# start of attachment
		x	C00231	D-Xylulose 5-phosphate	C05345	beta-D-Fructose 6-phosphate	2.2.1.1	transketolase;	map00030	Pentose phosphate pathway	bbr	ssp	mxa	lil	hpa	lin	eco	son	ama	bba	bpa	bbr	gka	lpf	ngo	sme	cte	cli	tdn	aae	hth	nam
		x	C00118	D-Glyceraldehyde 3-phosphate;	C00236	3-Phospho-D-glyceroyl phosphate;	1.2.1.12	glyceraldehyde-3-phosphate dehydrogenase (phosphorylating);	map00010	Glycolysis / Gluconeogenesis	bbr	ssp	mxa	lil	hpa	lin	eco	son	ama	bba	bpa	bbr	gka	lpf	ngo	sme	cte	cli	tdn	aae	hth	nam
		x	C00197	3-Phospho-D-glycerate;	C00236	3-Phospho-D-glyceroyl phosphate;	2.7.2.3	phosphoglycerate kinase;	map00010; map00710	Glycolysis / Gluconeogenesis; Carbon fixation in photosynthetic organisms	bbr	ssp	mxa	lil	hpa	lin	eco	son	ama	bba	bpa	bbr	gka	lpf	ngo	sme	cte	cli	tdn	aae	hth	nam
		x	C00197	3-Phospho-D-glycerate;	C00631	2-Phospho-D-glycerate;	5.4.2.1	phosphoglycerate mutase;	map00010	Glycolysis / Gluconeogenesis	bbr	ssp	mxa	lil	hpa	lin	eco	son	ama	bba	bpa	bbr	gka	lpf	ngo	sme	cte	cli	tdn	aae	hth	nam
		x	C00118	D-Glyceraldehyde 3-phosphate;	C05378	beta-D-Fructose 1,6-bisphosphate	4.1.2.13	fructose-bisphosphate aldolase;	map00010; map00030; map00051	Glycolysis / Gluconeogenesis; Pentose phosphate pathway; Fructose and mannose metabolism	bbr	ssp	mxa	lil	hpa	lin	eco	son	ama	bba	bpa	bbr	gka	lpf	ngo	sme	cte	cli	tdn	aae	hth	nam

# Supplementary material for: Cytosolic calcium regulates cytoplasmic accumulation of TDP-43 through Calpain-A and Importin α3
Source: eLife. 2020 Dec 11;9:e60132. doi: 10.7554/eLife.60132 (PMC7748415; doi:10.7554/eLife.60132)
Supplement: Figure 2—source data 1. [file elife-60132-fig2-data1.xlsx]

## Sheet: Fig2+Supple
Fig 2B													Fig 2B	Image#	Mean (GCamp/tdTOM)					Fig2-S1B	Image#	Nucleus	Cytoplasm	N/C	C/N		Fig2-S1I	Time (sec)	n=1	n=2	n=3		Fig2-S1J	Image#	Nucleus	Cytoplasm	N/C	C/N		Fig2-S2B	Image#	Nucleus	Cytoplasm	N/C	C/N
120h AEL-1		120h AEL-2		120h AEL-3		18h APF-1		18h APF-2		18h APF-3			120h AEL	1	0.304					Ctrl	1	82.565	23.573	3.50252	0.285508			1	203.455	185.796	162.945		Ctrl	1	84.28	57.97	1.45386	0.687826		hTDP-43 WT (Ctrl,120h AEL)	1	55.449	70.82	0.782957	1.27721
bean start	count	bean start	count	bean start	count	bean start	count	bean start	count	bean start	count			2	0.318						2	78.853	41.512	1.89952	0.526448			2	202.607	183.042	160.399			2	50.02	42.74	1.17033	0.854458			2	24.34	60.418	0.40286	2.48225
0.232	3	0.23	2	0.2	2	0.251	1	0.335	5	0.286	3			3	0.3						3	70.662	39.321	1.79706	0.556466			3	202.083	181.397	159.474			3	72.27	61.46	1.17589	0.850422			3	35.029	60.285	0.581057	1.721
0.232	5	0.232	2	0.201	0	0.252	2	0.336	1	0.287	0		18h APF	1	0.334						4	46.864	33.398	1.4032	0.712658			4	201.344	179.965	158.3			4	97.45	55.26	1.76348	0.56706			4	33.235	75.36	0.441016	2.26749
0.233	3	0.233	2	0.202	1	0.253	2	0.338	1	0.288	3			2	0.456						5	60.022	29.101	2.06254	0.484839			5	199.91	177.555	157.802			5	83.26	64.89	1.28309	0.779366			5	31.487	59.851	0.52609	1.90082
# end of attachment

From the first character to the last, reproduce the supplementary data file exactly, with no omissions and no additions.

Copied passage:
		x	C00231	D-Xylulose 5-phosphate	C05345	beta-D-Fructose 6-phosphate	2.2.1.1	transketolase;	map00030	Pentose phosphate pathway	bbr	ssp	mxa	lil	hpa	lin	eco	son	ama	bba	bpa	bbr	gka	lpf	ngo	sme	cte	cli	tdn	aae	hth	nam
		x	C00118	D-Glyceraldehyde 3-phosphate;	C00236	3-Phospho-D-glyceroyl phosphate;	1.2.1.12	glyceraldehyde-3-phosphate dehydrogenase (phosphorylating);	map00010	Glycolysis / Gluconeogenesis	bbr	ssp	mxa	lil	hpa	lin	eco	son	ama	bba	bpa	bbr	gka	lpf	ngo	sme	cte	cli	tdn	aae	hth	nam
		x	C00197	3-Phospho-D-glycerate;	C00236	3-Phospho-D-glyceroyl phosphate;	2.7.2.3	phosphoglycerate kinase;	map00010; map00710	Glycolysis / Gluconeogenesis; Carbon fixation in photosynthetic organisms	bbr	ssp	mxa	lil	hpa	lin	eco	son	ama	bba	bpa	bbr	gka	lpf	ngo	sme	cte	cli	tdn	aae	hth	nam
		x	C00197	3-Phospho-D-glycerate;	C00631	2-Phospho-D-glycerate;	5.4.2.1	phosphoglycerate mutase;	map00010	Glycolysis / Gluconeogenesis	bbr	ssp	mxa	lil	hpa	lin	eco	son	ama	bba	bpa	bbr	gka	lpf	ngo	sme	cte	cli	tdn	aae	hth	nam
		x	C00118	D-Glyceraldehyde 3-phosphate;	C05378	beta-D-Fructose 1,6-bisphosphate	4.1.2.13	fructose-bisphosphate aldolase;	map00010; map00030; map00051	Glycolysis / Gluconeogenesis; Pentose phosphate pathway; Fructose and mannose metabolism	bbr	ssp	mxa	lil	hpa	lin	eco	son	ama	bba	bpa	bbr	gka	lpf	ngo	sme	cte	cli	tdn	aae	hth	nam

# Supplementary material for: Cytosolic calcium regulates cytoplasmic accumulation of TDP-43 through Calpain-A and Importin α3
Source: eLife. 2020 Dec 11;9:e60132. doi: 10.7554/eLife.60132 (PMC7748415; doi:10.7554/eLife.60132)
Supplement: Figure 2—source data 1. [file elife-60132-fig2-data1.xlsx]

## Sheet: Fig2+Supple
Fig 2B													Fig 2B	Image#	Mean (GCamp/tdTOM)					Fig2-S1B	Image#	Nucleus	Cytoplasm	N/C	C/N		Fig2-S1I	Time (sec)	n=1	n=2	n=3		Fig2-S1J	Image#	Nucleus	Cytoplasm	N/C	C/N		Fig2-S2B	Image#	Nucleus	Cytoplasm	N/C	C/N
120h AEL-1		120h AEL-2		120h AEL-3		18h APF-1		18h APF-2		18h APF-3			120h AEL	1	0.304					Ctrl	1	82.565	23.573	3.50252	0.285508			1	203.455	185.796	162.945		Ctrl	1	84.28	57.97	1.45386	0.687826		hTDP-43 WT (Ctrl,120h AEL)	1	55.449	70.82	0.782957	1.27721
bean start	count	bean start	count	bean start	count	bean start	count	bean start	count	bean start	count			2	0.318						2	78.853	41.512	1.89952	0.526448			2	202.607	183.042	160.399			2	50.02	42.74	1.17033	0.854458			2	24.34	60.418	0.40286	2.48225
0.232	3	0.23	2	0.2	2	0.251	1	0.335	5	0.286	3			3	0.3						3	70.662	39.321	1.79706	0.556466			3	202.083	181.397	159.474			3	72.27	61.46	1.17589	0.850422			3	35.029	60.285	0.581057	1.721
0.232	5	0.232	2	0.201	0	0.252	2	0.336	1	0.287	0		18h APF	1	0.334						4	46.864	33.398	1.4032	0.712658			4	201.344	179.965	158.3			4	97.45	55.26	1.76348	0.56706			4	33.235	75.36	0.441016	2.26749
0.233	3	0.233	2	0.202	1	0.253	2	0.338	1	0.288	3			2	0.456						5	60.022	29.101	2.06254	0.484839			5	199.91	177.555	157.802			5	83.26	64.89	1.28309	0.779366			5	31.487	59.851	0.52609	1.90082